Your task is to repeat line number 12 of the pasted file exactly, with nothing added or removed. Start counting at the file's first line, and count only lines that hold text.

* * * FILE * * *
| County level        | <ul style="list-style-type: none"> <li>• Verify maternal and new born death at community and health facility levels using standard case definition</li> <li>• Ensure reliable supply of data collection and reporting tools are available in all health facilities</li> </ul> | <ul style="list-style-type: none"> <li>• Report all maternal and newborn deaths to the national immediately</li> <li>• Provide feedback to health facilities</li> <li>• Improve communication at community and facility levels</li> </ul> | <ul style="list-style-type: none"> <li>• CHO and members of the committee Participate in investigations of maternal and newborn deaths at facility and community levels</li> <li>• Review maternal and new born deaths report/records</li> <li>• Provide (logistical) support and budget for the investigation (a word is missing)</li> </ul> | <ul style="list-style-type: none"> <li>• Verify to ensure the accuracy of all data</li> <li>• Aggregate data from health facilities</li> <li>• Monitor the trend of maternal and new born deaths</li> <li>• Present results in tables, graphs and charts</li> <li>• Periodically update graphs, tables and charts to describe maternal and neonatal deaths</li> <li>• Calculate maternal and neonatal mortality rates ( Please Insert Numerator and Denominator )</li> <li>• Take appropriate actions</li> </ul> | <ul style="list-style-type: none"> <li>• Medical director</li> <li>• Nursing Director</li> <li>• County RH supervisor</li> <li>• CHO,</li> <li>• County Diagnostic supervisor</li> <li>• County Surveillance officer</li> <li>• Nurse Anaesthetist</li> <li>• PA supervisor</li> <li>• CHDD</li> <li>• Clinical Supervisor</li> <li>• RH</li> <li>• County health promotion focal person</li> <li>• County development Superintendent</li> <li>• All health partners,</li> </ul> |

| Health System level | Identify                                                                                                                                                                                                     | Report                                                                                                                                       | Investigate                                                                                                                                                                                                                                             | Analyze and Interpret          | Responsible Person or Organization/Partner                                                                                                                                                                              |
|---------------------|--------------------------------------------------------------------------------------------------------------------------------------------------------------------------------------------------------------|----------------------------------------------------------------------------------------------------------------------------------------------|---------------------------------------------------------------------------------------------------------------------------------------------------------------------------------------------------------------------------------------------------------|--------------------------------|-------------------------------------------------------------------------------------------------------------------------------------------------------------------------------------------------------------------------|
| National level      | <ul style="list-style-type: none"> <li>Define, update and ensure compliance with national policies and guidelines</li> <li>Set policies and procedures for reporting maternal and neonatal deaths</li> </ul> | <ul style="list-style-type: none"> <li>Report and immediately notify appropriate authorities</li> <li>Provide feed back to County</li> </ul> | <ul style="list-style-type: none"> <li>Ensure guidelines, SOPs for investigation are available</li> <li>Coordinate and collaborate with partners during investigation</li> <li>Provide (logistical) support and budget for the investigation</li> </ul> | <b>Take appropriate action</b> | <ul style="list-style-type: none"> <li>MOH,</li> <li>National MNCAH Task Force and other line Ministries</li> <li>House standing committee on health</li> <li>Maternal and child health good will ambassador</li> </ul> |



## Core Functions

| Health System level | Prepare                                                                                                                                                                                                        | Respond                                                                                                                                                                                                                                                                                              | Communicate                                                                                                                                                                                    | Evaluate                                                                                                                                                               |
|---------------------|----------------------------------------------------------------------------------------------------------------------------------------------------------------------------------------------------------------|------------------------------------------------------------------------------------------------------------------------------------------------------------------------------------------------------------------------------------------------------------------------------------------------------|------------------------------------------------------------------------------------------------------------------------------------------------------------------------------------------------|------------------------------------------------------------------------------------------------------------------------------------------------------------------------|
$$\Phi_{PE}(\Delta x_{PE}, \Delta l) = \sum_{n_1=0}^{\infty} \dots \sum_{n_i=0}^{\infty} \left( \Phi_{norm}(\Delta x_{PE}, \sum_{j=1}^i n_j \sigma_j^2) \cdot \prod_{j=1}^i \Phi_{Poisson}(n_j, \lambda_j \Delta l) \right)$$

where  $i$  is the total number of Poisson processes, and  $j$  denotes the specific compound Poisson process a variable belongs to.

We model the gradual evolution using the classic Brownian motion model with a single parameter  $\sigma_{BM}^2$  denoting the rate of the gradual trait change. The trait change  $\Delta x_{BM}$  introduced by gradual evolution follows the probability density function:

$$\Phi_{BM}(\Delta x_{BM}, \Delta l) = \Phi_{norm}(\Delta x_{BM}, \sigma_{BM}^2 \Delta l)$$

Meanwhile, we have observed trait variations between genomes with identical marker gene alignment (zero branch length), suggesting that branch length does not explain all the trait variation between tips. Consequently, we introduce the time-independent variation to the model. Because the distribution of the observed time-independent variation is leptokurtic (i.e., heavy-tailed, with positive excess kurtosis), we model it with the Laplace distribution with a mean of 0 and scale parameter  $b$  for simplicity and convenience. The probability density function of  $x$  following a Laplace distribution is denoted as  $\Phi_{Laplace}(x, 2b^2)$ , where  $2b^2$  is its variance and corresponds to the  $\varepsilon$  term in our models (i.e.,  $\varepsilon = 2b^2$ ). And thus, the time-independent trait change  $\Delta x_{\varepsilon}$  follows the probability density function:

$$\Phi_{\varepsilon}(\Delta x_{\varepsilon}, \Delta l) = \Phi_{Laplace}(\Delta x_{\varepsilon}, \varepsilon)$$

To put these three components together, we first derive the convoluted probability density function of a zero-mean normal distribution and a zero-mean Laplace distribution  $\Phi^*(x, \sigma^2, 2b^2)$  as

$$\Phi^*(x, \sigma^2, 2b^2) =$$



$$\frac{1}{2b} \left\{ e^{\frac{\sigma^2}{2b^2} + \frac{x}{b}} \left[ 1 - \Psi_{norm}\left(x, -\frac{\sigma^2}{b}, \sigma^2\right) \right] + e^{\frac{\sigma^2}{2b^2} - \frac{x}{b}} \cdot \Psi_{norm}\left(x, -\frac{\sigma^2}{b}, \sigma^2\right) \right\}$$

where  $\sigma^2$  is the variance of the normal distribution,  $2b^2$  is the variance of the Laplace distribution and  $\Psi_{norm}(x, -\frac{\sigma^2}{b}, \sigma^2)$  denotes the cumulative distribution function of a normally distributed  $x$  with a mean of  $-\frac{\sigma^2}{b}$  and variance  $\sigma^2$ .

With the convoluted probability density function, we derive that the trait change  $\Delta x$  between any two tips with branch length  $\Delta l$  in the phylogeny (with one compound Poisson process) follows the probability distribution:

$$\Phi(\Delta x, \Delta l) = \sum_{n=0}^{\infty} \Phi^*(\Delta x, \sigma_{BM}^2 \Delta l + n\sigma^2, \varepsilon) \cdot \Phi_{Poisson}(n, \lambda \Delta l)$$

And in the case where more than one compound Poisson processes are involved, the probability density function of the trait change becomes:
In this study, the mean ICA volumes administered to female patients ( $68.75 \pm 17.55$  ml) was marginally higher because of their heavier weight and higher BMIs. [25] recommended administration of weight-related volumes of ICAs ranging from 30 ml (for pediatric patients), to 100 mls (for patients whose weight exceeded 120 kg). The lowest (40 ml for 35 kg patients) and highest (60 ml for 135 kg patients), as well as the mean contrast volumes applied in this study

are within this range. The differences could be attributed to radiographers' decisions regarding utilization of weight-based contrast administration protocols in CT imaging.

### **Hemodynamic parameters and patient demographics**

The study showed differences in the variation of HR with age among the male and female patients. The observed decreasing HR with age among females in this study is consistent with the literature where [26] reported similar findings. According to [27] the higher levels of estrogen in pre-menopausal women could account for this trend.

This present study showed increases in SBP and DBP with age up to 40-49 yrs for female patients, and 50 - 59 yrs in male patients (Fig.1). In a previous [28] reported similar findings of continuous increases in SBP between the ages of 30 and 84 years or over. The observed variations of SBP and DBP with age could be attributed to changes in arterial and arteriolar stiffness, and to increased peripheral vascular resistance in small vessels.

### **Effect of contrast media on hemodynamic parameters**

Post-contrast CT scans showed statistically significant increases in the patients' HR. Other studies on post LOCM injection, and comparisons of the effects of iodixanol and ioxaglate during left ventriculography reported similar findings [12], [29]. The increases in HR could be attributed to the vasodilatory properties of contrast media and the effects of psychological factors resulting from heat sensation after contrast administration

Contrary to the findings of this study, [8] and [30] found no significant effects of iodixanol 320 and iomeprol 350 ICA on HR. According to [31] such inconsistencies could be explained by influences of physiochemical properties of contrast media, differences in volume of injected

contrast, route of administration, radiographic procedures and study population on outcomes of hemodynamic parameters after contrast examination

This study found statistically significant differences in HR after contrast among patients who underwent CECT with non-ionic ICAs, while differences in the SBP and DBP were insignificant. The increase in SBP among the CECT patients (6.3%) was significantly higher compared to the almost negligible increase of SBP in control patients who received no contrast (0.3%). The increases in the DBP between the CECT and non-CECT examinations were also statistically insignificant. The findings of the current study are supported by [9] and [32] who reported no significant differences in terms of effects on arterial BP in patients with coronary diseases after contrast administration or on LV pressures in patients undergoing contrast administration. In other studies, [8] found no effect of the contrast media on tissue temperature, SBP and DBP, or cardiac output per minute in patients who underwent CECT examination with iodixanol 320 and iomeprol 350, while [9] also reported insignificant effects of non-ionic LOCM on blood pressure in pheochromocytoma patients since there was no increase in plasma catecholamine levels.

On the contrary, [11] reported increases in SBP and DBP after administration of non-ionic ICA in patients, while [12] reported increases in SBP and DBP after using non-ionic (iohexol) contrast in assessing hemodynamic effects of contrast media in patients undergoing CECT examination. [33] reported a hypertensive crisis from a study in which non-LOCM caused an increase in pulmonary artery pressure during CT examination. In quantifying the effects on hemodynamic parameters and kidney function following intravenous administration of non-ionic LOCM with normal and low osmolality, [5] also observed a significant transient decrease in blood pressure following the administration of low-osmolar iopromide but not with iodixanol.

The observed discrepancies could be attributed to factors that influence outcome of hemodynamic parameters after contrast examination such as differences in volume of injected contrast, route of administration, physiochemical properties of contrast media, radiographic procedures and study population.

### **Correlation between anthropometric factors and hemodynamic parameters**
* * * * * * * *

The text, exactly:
Meanwhile, we have observed trait variations between genomes with identical marker gene alignment (zero branch length), suggesting that branch length does not explain all the trait variation between tips. Consequently, we introduce the time-independent variation to the model. Because the distribution of the observed time-independent variation is leptokurtic (i.e., heavy-tailed, with positive excess kurtosis), we model it with the Laplace distribution with a mean of 0 and scale parameter  $b$  for simplicity and convenience. The probability density function of  $x$  following a Laplace distribution is denoted as  $\Phi_{Laplace}(x, 2b^2)$ , where  $2b^2$  is its variance and corresponds to the  $\varepsilon$  term in our models (i.e.,  $\varepsilon = 2b^2$ ). And thus, the time-independent trait change  $\Delta x_{\varepsilon}$  follows the probability density function: